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Review
. 2015 Mar;4(3):217-23.
doi: 10.5966/sctm.2014-0233. Epub 2015 Feb 3.

Enabling Consistency in Pluripotent Stem Cell-Derived Products for Research and Development and Clinical Applications Through Material Standards

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Free PMC article
Review

Enabling Consistency in Pluripotent Stem Cell-Derived Products for Research and Development and Clinical Applications Through Material Standards

Anna French et al. Stem Cells Transl Med. .
Free PMC article

Abstract

There is a need for physical standards (reference materials) to ensure both reproducibility and consistency in the production of somatic cell types from human pluripotent stem cell (hPSC) sources. We have outlined the need for reference materials (RMs) in relation to the unique properties and concerns surrounding hPSC-derived products and suggest in-house approaches to RM generation relevant to basic research, drug screening, and therapeutic applications. hPSCs have an unparalleled potential as a source of somatic cells for drug screening, disease modeling, and therapeutic application. Undefined variation and product variability after differentiation to the lineage or cell type of interest impede efficient translation and can obscure the evaluation of clinical safety and efficacy. Moreover, in the absence of a consistent population, data generated from in vitro studies could be unreliable and irreproducible. Efforts to devise approaches and tools that facilitate improved consistency of hPSC-derived products, both as development tools and therapeutic products, will aid translation. Standards exist in both written and physical form; however, because many unknown factors persist in the field, premature written standards could inhibit rather than promote innovation and translation. We focused on the derivation of physical standard RMs. We outline the need for RMs and assess the approaches to in-house RM generation for hPSC-derived products, a critical tool for the analysis and control of product variation that can be applied by researchers and developers. We then explore potential routes for the generation of RMs, including both cellular and noncellular materials and novel methods that might provide valuable tools to measure and account for variation. Multiparametric techniques to identify "signatures" for therapeutically relevant cell types, such as neurons and cardiomyocytes that can be derived from hPSCs, would be of significant utility, although physical RMs will be required for clinical purposes.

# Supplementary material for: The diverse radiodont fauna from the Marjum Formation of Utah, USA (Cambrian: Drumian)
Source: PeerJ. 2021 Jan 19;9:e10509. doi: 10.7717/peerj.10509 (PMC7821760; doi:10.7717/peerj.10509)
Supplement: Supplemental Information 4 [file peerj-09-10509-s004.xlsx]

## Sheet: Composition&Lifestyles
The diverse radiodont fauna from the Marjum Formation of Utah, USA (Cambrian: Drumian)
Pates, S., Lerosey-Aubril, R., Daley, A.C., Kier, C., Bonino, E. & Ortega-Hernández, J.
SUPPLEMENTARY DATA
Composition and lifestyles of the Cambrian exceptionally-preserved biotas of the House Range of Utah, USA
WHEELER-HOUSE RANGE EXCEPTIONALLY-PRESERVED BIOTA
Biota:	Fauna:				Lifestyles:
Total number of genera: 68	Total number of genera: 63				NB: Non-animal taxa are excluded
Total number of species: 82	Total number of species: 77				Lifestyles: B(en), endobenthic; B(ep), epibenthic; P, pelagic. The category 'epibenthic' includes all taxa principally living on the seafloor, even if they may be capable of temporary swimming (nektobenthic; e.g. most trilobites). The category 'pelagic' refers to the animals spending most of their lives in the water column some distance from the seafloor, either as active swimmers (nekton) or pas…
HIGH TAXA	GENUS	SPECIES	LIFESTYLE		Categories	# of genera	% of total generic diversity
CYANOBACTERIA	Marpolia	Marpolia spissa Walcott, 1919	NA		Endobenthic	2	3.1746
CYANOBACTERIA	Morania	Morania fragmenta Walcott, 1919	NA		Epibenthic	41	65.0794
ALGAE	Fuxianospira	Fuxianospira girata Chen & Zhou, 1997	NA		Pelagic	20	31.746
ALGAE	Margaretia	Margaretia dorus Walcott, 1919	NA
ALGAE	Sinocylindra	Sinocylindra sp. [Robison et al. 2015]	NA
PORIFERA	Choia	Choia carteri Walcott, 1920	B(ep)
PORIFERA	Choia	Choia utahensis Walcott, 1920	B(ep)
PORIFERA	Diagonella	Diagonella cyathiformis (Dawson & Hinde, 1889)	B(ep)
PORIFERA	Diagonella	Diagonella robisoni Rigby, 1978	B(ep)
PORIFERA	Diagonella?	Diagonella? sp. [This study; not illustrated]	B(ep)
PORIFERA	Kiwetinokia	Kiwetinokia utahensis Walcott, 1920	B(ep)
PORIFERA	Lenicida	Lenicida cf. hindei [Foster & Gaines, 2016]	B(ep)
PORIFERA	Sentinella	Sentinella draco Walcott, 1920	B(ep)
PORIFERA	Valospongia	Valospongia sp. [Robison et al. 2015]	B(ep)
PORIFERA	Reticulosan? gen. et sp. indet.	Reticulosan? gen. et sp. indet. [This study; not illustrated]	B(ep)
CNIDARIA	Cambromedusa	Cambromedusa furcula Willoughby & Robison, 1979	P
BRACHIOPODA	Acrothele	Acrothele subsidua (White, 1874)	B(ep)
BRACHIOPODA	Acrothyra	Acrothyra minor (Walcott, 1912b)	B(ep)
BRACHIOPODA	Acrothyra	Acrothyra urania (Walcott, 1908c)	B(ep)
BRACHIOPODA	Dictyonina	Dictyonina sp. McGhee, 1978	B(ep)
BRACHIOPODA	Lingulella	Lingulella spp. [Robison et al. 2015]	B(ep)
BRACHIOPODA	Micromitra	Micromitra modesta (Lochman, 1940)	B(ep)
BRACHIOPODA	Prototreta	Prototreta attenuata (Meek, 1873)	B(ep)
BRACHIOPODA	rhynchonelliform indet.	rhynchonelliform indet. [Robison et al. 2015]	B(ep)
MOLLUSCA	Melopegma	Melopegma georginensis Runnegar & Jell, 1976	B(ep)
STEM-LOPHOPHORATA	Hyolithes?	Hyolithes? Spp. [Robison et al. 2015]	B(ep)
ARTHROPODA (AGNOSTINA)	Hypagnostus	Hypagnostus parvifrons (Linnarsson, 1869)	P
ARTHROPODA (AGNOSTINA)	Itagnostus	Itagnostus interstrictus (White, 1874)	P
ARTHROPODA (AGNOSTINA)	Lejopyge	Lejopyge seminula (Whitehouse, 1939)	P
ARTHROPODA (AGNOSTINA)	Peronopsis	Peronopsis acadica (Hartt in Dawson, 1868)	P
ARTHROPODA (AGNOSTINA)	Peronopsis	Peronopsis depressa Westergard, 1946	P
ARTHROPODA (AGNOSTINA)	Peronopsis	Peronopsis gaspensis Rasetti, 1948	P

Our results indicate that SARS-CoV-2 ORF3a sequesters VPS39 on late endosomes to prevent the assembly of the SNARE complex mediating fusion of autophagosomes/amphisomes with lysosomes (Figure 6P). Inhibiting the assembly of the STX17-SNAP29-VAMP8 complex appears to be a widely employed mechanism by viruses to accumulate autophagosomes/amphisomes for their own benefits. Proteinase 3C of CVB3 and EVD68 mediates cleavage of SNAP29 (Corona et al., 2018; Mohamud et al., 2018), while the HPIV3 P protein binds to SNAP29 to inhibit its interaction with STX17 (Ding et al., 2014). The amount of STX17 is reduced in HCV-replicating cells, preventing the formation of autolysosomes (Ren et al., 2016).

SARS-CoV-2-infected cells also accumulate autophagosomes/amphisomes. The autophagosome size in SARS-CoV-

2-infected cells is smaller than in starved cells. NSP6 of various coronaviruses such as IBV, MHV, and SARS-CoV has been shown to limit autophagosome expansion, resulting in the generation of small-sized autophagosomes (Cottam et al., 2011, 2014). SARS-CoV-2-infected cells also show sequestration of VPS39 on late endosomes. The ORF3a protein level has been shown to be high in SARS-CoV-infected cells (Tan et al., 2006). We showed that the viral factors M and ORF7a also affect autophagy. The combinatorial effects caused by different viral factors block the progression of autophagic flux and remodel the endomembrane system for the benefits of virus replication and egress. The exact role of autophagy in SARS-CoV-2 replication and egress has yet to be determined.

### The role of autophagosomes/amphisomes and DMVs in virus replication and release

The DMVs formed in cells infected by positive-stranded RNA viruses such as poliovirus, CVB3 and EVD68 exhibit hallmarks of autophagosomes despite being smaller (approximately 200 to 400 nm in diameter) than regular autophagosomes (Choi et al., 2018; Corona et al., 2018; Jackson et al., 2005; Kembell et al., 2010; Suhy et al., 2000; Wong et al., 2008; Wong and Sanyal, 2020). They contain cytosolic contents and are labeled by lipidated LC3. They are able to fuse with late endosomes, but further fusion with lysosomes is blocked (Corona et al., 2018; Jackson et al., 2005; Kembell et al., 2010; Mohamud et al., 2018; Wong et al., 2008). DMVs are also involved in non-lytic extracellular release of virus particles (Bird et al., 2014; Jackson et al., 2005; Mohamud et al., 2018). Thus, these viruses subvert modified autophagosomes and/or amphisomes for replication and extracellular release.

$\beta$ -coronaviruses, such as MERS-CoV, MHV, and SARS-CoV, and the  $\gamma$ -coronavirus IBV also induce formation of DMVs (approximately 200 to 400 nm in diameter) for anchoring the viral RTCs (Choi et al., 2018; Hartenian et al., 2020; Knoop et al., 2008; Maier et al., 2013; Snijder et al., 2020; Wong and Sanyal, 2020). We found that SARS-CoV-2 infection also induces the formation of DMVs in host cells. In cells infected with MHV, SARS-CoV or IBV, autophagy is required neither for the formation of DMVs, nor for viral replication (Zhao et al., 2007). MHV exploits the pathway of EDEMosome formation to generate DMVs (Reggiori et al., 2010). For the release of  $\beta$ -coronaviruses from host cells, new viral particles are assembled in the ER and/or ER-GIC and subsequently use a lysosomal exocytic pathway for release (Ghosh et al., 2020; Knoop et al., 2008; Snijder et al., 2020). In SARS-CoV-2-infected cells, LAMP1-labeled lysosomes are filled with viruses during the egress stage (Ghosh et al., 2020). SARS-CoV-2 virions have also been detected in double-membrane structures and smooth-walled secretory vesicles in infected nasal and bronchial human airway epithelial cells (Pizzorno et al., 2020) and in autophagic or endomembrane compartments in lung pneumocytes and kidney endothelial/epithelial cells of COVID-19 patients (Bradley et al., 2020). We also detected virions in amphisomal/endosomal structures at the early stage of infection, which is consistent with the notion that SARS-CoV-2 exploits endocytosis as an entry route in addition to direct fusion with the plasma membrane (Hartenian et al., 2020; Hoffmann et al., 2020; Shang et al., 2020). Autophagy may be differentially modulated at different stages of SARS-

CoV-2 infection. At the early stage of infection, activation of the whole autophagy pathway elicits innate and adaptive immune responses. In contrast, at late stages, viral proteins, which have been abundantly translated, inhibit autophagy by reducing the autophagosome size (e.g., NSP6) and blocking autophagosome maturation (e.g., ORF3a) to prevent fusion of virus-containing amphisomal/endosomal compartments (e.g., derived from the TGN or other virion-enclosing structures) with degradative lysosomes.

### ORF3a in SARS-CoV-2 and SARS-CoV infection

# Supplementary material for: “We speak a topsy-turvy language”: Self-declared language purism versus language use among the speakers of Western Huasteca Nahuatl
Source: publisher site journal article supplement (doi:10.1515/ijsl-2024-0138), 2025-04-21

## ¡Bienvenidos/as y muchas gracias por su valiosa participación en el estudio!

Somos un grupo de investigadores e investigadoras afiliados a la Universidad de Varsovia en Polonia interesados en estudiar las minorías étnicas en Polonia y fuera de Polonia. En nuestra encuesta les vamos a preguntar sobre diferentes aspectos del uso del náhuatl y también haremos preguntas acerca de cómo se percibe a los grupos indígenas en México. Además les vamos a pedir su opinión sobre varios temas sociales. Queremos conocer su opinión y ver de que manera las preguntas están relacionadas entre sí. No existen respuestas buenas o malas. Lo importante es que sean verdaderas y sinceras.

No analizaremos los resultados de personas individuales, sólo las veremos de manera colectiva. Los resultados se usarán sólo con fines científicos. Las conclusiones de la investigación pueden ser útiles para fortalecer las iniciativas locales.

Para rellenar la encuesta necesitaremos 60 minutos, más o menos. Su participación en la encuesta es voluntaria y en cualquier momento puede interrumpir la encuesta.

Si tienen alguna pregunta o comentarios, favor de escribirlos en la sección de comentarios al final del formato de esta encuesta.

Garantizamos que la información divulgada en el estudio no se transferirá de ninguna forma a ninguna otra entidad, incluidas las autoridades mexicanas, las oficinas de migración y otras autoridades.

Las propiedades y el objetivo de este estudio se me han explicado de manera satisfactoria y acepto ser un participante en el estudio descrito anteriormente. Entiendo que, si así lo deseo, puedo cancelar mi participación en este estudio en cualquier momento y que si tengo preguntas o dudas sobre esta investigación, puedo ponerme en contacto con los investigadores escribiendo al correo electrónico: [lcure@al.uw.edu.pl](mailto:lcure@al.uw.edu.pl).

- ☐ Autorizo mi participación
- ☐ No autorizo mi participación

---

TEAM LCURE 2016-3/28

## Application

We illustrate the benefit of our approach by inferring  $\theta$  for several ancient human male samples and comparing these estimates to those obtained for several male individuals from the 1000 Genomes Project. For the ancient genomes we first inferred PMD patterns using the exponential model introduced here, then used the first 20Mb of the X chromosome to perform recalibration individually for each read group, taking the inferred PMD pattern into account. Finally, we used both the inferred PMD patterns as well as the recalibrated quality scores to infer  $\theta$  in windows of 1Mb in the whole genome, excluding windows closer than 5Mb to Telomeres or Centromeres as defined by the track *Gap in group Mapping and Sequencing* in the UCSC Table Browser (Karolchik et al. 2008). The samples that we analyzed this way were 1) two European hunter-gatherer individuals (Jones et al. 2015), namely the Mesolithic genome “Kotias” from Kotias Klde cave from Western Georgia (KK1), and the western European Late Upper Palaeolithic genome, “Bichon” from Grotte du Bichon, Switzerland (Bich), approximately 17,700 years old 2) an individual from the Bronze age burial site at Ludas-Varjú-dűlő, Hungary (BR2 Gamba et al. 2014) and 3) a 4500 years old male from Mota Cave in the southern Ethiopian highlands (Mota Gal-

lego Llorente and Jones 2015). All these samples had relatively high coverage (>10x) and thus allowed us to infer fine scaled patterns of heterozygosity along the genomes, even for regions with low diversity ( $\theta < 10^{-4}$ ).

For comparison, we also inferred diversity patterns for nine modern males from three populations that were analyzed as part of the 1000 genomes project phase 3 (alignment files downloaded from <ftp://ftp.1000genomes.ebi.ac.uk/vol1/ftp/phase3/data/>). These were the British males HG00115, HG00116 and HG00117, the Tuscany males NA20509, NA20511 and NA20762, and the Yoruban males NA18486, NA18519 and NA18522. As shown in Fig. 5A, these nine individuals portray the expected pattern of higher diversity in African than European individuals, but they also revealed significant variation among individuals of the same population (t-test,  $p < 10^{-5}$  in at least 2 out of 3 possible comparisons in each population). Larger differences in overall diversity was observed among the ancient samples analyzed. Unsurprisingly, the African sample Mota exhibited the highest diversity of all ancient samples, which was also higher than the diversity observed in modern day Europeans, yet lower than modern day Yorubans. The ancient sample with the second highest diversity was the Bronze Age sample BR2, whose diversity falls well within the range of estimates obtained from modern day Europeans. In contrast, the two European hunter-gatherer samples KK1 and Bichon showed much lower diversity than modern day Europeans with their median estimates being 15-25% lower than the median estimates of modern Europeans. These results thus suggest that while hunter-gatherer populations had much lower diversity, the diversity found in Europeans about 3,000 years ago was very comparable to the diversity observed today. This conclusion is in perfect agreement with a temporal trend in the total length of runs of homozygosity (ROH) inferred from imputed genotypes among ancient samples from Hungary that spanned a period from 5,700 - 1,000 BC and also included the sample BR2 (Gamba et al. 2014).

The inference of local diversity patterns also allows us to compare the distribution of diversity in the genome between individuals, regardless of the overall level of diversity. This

Figures

Figure 1.
Figure 1.
Overview of standards. Standards are a set of guidelines, rules, or requirements, typically set by a regulatory body or product manufacturer. They ensure that either during manufacture of a product or in the final product, some aspect, such as safety, performance, or quality, is consistent. Standards are either written, in the form of guidance, standard operating procedures, and pharmacopoeia, or they are physical (material). Physical standards are characterized materials used as a benchmark against which to compare attributes of a product and ensure consistency. They can be agreed on across organizations and countries (consensus) or can be developer-specific and local (in-house) (i.e., the standards are only adopted within the organization in question). These in-house material standards, called RMs, are the focus of our review and can be further divided into a product RM, which is a representative batch of the product, or a method (measurement) RM, which provides a reference for analytical measurements. Abbreviation: RM, reference material.
Figure 2.
Figure 2.
Reference materials are required to demonstrate product comparability over time (product RM) and to validate assay results (method RM). Product RMs are representative of some aspect of quality of a final product, and method RMs are used within assays to confirm the accuracy of the analysis of the product. They have multiple applications, two of which are depicted. (A): Product RMs are required to demonstrate that product drift does not occur. Product drift is the gradual change in a “product,” potentially caused by a gradual change in a manufacturing process that can occur through iterations over time. Product RMs are a representative batch against which other batches can be compared to demonstrate consistency in characteristics such as identity and purity. For example, RMs generated with batch B, such as a sample of the iPSC batch, will be retained to use as a comparator with batch D to ensure that characteristics of batch D are within the expected range according to batch B. (B): Method RMs are needed to validate assay results alongside the product sample. For example, specific embryonic carcinoma (EC) lines, whose cell-surface antigens are well characterized, can be used as a quality control for flow cytometry assays in which human embryonal stem cells (hESCs) are also tested. If the score for the EC line is less than a certain predetermined threshold, the results of the accompanying assay of hESCs would not be included in additional analysis. Thus, the results will be representative of the actual hESCs and not of any problem in the assay, because the assay has been validated against a method RM with known characteristics. Abbreviation: RM, reference material.

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